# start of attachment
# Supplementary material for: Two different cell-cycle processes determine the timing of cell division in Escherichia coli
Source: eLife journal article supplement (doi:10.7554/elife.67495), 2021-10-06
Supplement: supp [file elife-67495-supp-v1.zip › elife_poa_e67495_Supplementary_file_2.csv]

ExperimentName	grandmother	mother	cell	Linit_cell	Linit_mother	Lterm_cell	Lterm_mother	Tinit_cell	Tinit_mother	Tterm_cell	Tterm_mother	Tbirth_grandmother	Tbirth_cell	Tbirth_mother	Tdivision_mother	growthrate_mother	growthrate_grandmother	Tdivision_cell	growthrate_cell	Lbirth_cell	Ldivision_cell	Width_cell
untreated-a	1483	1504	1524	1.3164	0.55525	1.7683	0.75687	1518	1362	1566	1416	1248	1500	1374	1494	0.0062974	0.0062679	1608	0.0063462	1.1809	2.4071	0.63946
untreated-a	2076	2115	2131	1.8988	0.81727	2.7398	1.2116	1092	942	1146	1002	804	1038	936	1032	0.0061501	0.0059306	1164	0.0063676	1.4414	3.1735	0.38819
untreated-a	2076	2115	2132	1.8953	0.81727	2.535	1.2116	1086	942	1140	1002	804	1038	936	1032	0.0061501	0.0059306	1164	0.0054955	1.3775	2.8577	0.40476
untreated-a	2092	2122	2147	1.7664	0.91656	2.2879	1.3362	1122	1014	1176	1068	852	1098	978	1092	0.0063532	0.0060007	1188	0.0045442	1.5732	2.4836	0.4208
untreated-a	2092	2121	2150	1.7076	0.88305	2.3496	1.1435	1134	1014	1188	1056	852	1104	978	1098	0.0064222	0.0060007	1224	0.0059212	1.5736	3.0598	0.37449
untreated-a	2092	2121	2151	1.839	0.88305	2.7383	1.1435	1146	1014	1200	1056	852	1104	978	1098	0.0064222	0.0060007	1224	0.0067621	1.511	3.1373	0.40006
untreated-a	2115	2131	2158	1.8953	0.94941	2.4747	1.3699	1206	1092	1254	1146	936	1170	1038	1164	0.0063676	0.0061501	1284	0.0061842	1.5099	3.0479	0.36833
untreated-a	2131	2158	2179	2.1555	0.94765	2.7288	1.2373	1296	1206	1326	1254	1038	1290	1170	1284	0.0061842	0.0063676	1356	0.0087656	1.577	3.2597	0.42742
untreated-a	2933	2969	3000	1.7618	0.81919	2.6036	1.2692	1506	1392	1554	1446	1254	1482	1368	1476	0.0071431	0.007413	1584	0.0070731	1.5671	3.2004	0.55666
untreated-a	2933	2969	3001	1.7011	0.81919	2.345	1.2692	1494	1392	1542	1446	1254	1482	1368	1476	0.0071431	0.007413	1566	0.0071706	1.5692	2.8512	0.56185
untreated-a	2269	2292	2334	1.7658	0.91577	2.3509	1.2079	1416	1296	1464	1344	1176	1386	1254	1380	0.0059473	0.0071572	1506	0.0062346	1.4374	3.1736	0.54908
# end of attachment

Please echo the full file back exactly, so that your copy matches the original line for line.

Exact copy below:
# Supplementary material for: Two different cell-cycle processes determine the timing of cell division in Escherichia coli
Source: eLife journal article supplement (doi:10.7554/elife.67495), 2021-10-06
Supplement: supp [file elife-67495-supp-v1.zip › elife_poa_e67495_Supplementary_file_2.csv]

ExperimentName	grandmother	mother	cell	Linit_cell	Linit_mother	Lterm_cell	Lterm_mother	Tinit_cell	Tinit_mother	Tterm_cell	Tterm_mother	Tbirth_grandmother	Tbirth_cell	Tbirth_mother	Tdivision_mother	growthrate_mother	growthrate_grandmother	Tdivision_cell	growthrate_cell	Lbirth_cell	Ldivision_cell	Width_cell
untreated-a	1483	1504	1524	1.3164	0.55525	1.7683	0.75687	1518	1362	1566	1416	1248	1500	1374	1494	0.0062974	0.0062679	1608	0.0063462	1.1809	2.4071	0.63946
untreated-a	2076	2115	2131	1.8988	0.81727	2.7398	1.2116	1092	942	1146	1002	804	1038	936	1032	0.0061501	0.0059306	1164	0.0063676	1.4414	3.1735	0.38819
untreated-a	2076	2115	2132	1.8953	0.81727	2.535	1.2116	1086	942	1140	1002	804	1038	936	1032	0.0061501	0.0059306	1164	0.0054955	1.3775	2.8577	0.40476
untreated-a	2092	2122	2147	1.7664	0.91656	2.2879	1.3362	1122	1014	1176	1068	852	1098	978	1092	0.0063532	0.0060007	1188	0.0045442	1.5732	2.4836	0.4208
untreated-a	2092	2121	2150	1.7076	0.88305	2.3496	1.1435	1134	1014	1188	1056	852	1104	978	1098	0.0064222	0.0060007	1224	0.0059212	1.5736	3.0598	0.37449
untreated-a	2092	2121	2151	1.839	0.88305	2.7383	1.1435	1146	1014	1200	1056	852	1104	978	1098	0.0064222	0.0060007	1224	0.0067621	1.511	3.1373	0.40006
untreated-a	2115	2131	2158	1.8953	0.94941	2.4747	1.3699	1206	1092	1254	1146	936	1170	1038	1164	0.0063676	0.0061501	1284	0.0061842	1.5099	3.0479	0.36833
untreated-a	2131	2158	2179	2.1555	0.94765	2.7288	1.2373	1296	1206	1326	1254	1038	1290	1170	1284	0.0061842	0.0063676	1356	0.0087656	1.577	3.2597	0.42742
untreated-a	2933	2969	3000	1.7618	0.81919	2.6036	1.2692	1506	1392	1554	1446	1254	1482	1368	1476	0.0071431	0.007413	1584	0.0070731	1.5671	3.2004	0.55666
untreated-a	2933	2969	3001	1.7011	0.81919	2.345	1.2692	1494	1392	1542	1446	1254	1482	1368	1476	0.0071431	0.007413	1566	0.0071706	1.5692	2.8512	0.56185
untreated-a	2269	2292	2334	1.7658	0.91577	2.3509	1.2079	1416	1296	1464	1344	1176	1386	1254	1380	0.0059473	0.0071572	1506	0.0062346	1.4374	3.1736	0.54908